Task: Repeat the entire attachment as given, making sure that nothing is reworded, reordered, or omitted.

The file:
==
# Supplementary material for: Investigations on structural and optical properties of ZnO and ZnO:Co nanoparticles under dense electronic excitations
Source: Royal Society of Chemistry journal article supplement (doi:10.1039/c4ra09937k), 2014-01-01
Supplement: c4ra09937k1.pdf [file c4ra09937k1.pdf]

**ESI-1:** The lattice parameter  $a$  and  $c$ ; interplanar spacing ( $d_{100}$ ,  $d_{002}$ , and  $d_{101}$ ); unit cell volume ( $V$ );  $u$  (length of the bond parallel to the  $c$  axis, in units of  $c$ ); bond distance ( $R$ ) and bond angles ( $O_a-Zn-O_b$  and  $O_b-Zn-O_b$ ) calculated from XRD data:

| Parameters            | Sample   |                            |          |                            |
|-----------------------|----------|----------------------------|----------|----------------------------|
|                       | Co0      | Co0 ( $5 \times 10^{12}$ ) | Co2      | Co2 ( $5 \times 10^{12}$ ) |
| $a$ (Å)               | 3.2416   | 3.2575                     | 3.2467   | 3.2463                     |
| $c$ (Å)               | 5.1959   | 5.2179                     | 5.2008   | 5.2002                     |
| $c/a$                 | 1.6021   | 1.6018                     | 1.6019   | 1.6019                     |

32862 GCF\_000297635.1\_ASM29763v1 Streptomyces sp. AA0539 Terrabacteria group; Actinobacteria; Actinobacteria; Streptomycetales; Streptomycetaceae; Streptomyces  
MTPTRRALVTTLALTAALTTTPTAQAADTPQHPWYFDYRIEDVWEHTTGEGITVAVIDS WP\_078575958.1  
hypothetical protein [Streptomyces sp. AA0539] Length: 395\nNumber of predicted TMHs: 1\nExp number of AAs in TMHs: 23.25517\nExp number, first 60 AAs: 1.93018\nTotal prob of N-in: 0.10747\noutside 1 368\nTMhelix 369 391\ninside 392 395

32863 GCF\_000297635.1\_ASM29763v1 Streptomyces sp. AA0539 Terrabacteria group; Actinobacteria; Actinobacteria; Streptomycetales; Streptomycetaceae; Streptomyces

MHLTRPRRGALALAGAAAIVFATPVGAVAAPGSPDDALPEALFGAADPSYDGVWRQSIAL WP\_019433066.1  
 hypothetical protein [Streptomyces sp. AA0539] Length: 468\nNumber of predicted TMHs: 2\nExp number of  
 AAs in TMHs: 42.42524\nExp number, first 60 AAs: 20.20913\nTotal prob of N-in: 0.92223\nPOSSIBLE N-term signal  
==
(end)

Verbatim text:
# Supplementary material for: Investigations on structural and optical properties of ZnO and ZnO:Co nanoparticles under dense electronic excitations
Source: Royal Society of Chemistry journal article supplement (doi:10.1039/c4ra09937k), 2014-01-01
Supplement: c4ra09937k1.pdf [file c4ra09937k1.pdf]

**ESI-1:** The lattice parameter  $a$  and  $c$ ; interplanar spacing ( $d_{100}$ ,  $d_{002}$ , and  $d_{101}$ ); unit cell volume ( $V$ );  $u$  (length of the bond parallel to the  $c$  axis, in units of  $c$ ); bond distance ( $R$ ) and bond angles ( $O_a-Zn-O_b$  and  $O_b-Zn-O_b$ ) calculated from XRD data:

| Parameters            | Sample   |                            |          |                            |
|-----------------------|----------|----------------------------|----------|----------------------------|
|                       | Co0      | Co0 ( $5 \times 10^{12}$ ) | Co2      | Co2 ( $5 \times 10^{12}$ ) |
| $a$ (Å)               | 3.2416   | 3.2575                     | 3.2467   | 3.2463                     |
| $c$ (Å)               | 5.1959   | 5.2179                     | 5.2008   | 5.2002                     |
| $c/a$                 | 1.6021   | 1.6018                     | 1.6019   | 1.6019                     |

32862 GCF\_000297635.1\_ASM29763v1 Streptomyces sp. AA0539 Terrabacteria group; Actinobacteria; Actinobacteria; Streptomycetales; Streptomycetaceae; Streptomyces  
MTPTRRALVTTLALTAALTTTPTAQAADTPQHPWYFDYRIEDVWEHTTGEGITVAVIDS WP\_078575958.1  
hypothetical protein [Streptomyces sp. AA0539] Length: 395\nNumber of predicted TMHs: 1\nExp number of AAs in TMHs: 23.25517\nExp number, first 60 AAs: 1.93018\nTotal prob of N-in: 0.10747\noutside 1 368\nTMhelix 369 391\ninside 392 395

32863 GCF\_000297635.1\_ASM29763v1 Streptomyces sp. AA0539 Terrabacteria group; Actinobacteria; Actinobacteria; Streptomycetales; Streptomycetaceae; Streptomyces

MHLTRPRRGALALAGAAAIVFATPVGAVAAPGSPDDALPEALFGAADPSYDGVWRQSIAL WP\_019433066.1  
 hypothetical protein [Streptomyces sp. AA0539] Length: 468\nNumber of predicted TMHs: 2\nExp number of  
 AAs in TMHs: 42.42524\nExp number, first 60 AAs: 20.20913\nTotal prob of N-in: 0.92223\nPOSSIBLE N-term signal  